For all the advantages that help make drywall America’s most popular building material, the inescapable fact remains that the product is notoriously incompatible with water. What is more, this shortcoming just so happens to be, in essence, inbuilt. You see, gypsum, of which drywall is largely composed, is a naturally porous material and is therefore prone to both absorbing water and retaining it over an extended period. Needless to say, neither of these water-retentive attributes are exactly conducive to promoting longevity.
Particularly not, given that water damage can cause the drywall to warp and rot. An upshot which, in a large number of cases, requires that the saturated drywall must be replaced. That said, if prompt and decisive action is taken to address the issue, the good news is that drywall can be salvaged.
Upon identifying a leak, your first course of action should be to immediately cut the supply of water. Next, the affected area of drywall should be dried using towels. And then a fan should be positioned so as to blow air across the water damaged area. In addition to this DIY approach, professional assistance can prove invaluable and greatly bolster the chances of salvaging the affected drywall.
Either way, it must be reiterated that the key to success is speed. On this note, it’s also worth remembering that once drywall begins to exhibit visible signs of weakening its structural integrity has been fundamentally compromised. At this point, replacement becomes the only option.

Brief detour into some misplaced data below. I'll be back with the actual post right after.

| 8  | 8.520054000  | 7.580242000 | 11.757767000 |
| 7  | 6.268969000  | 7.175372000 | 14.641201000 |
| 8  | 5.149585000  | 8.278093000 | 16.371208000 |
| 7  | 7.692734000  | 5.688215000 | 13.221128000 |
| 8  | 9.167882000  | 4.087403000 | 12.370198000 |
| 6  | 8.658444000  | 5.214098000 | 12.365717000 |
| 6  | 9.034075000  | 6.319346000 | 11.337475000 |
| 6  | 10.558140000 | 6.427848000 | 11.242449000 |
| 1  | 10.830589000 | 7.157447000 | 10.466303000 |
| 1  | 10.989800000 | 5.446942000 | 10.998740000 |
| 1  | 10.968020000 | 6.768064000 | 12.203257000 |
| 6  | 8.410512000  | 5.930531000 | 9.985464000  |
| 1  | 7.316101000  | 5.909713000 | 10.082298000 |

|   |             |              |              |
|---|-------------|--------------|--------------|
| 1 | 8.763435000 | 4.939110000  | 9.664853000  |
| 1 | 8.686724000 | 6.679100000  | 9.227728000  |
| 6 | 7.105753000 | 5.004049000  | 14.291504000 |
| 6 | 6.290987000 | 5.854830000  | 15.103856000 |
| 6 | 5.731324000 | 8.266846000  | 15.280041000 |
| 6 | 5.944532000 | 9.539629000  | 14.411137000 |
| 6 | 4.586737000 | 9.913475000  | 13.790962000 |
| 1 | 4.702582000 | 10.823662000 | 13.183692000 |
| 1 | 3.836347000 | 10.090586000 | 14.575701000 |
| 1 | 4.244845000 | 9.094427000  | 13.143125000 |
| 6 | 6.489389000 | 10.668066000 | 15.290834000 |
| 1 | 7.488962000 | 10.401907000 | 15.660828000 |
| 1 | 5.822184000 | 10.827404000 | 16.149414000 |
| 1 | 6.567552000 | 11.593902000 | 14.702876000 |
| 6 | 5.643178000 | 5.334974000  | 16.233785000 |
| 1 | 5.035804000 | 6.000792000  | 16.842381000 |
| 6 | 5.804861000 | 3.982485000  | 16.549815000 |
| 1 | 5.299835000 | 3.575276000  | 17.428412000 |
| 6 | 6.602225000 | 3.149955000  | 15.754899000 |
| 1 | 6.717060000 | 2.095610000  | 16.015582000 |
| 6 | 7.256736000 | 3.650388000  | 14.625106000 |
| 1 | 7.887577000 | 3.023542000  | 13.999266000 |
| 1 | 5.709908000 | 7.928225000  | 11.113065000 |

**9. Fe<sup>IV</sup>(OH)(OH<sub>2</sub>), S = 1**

However, sometimes even an immediate response might not be enough. For example, if drywall becomes inundated by unsanitary water or sewage it may, irrespective of the speed of response, need to be replaced on health grounds.
Once the drywall has been exposed to a significant amount of water, such as that emanating from a steady leak or flood damage, the window to retrieve the situation effectively closes. Even when the affected drywall does eventually dry it will never recover its former profile and will, moreover, be decidedly prone to crumbling under pressure. A scenario that unequivocally signposts the need to replace the water damaged section of drywall.
When it comes to irreversible water damage, the imperative to replace is particularly pressing when it comes to drywall ceilings. Indeed, given the heightened risk posed to structural components and the threat of ceiling collapse brought about by such water damage, immediate removal should be considered a non-negotiable priority.
The Insulation Factor
Sodden insulation can prevent the enclosing drywall from properly drying. As such, oftentimes it can make financial sense to cut out drywall in order to remove the underlying insulation.
The Mold Problem
As luck would have it, the combination of drywall and water happens to create the ideal environment for mold to thrive. So ideal, in fact, that it can take as little as 24 hours for a mold colony to take hold in water damaged drywall. To cap things off, the problem cannot simply be alleviated by drying out the drywall. Rather, the only real option, once again, is to remove the mold-affected section of drywall.
On this front, procrastination is not to be encouraged. Although seemingly benign, mold can, in fact, prompt a range of health issues including numerous respiratory problems.
Drywall can be treated with a water-resistant coating to provide additional protection to small leaks. However, since this protective coating does not constitute comprehensive waterproofing, it does little to protect against long-term water damage.
Should you replace drywall if it gets wet? In all but those cases where swift remedial action has been taken the answer is yes. You see, water damaged drywall cannot simply be written off as an unsightly eyesore. The troubling reality, in fact, is that it can harbor illness and, as part of a ceiling, represent a structural hazard. Happily, despite those risks, replacing drywall is a relatively straightforward procedure.